‘Oh Se Haiti Ou Ye La Wi which translates to ‘Oh, you ‘re in Haiti now’
Young girl on the streets of Haiti.
By Shirley Thimothee-Paul RN, MSN, CCRN
“Oh Se Haiti Ou Ye La Wi” which translates to Oh, you ‘re in Haiti Now”
This is a common phrase used in Haiti in conversation when someone from abroad questions some of the less than tactful behaviors which are part of daily life in the country, one of which is the poor practice of reselling donated products by the victims of natural disaster. A large bag of rice donated to the victims of hurricane Mathew is photographed in a street market. Having never experienced hunger or poverty, I can’t say for sure that I wouldn’t sell a bag of rice to make enough money to pay for car fair for my children to get to school. Who am I to judge? You see those of us who are of Haitian decent may be able to sympathize but not necessarily empathize with the people of the general population of Haiti. Things that are unheard of in America are part of normal life in Haiti.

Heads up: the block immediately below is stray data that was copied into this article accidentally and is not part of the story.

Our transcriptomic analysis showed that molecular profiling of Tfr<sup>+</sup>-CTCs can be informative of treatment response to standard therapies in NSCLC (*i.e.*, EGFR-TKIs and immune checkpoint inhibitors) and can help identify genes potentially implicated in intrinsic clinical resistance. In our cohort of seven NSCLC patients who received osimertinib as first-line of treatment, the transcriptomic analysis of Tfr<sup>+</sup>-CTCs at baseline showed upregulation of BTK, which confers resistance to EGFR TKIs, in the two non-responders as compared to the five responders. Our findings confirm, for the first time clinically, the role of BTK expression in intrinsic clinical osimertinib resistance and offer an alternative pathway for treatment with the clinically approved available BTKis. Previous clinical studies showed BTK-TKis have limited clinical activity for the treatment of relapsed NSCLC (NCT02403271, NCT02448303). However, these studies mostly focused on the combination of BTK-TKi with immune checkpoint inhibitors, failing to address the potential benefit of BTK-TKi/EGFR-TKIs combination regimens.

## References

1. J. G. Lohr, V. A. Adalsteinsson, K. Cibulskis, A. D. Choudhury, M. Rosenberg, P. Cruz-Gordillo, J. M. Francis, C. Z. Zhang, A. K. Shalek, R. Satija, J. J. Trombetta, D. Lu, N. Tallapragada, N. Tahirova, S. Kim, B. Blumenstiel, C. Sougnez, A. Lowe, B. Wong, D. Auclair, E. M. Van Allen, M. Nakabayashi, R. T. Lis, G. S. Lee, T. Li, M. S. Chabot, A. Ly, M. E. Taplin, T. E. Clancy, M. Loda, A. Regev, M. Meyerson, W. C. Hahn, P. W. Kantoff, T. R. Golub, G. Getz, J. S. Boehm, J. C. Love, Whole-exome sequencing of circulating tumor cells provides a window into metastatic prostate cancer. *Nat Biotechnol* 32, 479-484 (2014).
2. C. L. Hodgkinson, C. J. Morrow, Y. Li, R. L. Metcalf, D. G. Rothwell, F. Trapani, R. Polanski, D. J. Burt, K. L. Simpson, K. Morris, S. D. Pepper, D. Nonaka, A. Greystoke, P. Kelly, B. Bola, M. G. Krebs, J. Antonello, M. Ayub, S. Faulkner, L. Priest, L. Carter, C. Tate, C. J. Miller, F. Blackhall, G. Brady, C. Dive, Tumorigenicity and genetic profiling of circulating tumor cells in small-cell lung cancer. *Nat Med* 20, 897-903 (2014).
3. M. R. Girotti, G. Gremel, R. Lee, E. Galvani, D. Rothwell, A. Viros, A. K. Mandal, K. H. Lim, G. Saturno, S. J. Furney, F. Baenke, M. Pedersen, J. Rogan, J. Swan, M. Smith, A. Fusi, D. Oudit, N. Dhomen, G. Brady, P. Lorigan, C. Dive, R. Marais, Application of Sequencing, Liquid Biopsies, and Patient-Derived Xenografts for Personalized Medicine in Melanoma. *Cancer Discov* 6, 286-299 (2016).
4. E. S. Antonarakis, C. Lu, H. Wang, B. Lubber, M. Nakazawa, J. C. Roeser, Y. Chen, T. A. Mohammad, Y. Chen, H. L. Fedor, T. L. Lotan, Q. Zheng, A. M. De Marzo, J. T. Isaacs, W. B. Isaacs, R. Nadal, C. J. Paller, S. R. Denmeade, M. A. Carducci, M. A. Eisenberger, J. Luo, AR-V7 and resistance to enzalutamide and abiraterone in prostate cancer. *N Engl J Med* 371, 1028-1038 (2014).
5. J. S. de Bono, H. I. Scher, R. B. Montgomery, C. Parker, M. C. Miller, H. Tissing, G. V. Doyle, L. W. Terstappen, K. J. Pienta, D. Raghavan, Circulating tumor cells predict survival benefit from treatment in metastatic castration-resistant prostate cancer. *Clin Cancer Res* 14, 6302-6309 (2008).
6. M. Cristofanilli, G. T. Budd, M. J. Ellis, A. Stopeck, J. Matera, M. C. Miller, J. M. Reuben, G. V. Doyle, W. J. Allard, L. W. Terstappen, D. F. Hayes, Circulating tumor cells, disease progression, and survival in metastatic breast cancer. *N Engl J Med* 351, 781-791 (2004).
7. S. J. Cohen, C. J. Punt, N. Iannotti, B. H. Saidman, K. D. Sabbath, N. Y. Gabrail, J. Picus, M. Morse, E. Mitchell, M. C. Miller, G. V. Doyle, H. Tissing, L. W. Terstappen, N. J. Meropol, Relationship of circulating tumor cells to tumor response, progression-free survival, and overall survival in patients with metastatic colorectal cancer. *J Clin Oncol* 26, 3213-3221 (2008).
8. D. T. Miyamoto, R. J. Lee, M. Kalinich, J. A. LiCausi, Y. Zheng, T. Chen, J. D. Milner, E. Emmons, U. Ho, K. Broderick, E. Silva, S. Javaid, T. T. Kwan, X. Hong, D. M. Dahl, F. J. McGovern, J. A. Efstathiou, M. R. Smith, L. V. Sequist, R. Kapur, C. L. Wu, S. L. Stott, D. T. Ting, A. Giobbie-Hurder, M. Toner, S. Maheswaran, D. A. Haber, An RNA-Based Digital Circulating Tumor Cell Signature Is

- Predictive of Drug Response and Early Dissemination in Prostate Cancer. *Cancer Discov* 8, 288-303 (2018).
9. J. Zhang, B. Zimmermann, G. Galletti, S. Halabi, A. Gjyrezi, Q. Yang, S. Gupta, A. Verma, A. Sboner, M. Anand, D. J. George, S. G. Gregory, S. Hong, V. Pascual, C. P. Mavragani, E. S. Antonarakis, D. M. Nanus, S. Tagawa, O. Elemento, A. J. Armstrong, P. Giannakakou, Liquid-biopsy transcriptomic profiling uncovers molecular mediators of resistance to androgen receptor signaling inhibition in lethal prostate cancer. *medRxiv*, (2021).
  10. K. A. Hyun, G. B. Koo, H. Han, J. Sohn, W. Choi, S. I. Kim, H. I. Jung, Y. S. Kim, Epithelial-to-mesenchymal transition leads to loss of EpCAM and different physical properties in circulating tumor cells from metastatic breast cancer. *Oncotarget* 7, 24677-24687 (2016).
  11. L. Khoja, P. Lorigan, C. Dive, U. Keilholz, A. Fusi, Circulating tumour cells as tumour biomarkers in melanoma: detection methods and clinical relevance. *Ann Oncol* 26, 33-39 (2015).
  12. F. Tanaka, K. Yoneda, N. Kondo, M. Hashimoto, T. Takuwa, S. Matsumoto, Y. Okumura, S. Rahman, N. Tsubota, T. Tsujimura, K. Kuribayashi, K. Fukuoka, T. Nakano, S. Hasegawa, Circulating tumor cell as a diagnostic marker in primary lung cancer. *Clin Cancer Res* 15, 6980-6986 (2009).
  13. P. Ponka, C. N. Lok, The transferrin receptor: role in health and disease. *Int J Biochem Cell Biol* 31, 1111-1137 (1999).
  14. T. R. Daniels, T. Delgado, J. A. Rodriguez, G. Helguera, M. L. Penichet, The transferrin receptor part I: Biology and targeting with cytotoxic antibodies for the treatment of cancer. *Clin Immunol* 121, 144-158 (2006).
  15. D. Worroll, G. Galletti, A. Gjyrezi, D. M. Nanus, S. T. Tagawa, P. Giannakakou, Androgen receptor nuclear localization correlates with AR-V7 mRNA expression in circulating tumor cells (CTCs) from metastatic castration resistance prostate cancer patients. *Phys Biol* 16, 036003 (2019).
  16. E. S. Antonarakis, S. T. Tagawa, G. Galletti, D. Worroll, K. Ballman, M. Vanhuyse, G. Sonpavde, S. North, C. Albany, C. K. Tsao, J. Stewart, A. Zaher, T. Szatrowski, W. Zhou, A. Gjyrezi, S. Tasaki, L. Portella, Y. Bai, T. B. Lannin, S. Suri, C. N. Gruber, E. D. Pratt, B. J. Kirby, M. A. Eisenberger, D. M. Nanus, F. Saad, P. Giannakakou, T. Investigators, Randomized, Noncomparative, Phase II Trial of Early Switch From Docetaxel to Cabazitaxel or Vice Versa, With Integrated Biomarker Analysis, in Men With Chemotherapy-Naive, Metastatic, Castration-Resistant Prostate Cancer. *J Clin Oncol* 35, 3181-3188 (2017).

A beautiful young girl barely nine years old is up by 6 a.m. preparing meals, boiling water for baths and sweeping the walk way in front of the home she currently labors in. The eldest female of family of seven children from Bord-de-Mar, a small area on the ocean in the Northern Part of Haiti, works from 6 a.m. until 6 p.m. daily for less than pennies on a dollar of what one might make here in the U.S. An adolescent girl, barley fully developed, has moved in with an elderly retired male over 70 to be his makeshift wife, not because she wants to be, but because he has offered to supply basic necessities for her family who practically go days without food. “Malere pa peshe’ “, which translates to, “being poor is not a sin”, but watching such suffering and doing nothing should be. Being in that young girl’s position, would I do the same? I’ll let you when I’ve gone days without food along with my small siblings. Yes, flying in from Florida with my well-nourished body and my college degrees, it is easy to question such practices and ask about law and order. The better question to ask is “what would you do”? Most Haitian Ameicans can’t really say, as they too have never experienced hunger nor watched their children’s stomachs swollen from hunger. Yes, these are all examples of daily life experiences of the general population of Haiti, and it is up to the Haitian Americans such as me to create hope for Haiti and the children like this young girl to know a better life. A life where a visiting Haitian American can be reminded that they’re in Haiti because they have come over with practices that are beneath the class and integrity of our people, not the other way around. So let’s challenge ourselves to make the last statement a reality. “Haiti ou ye la, wi.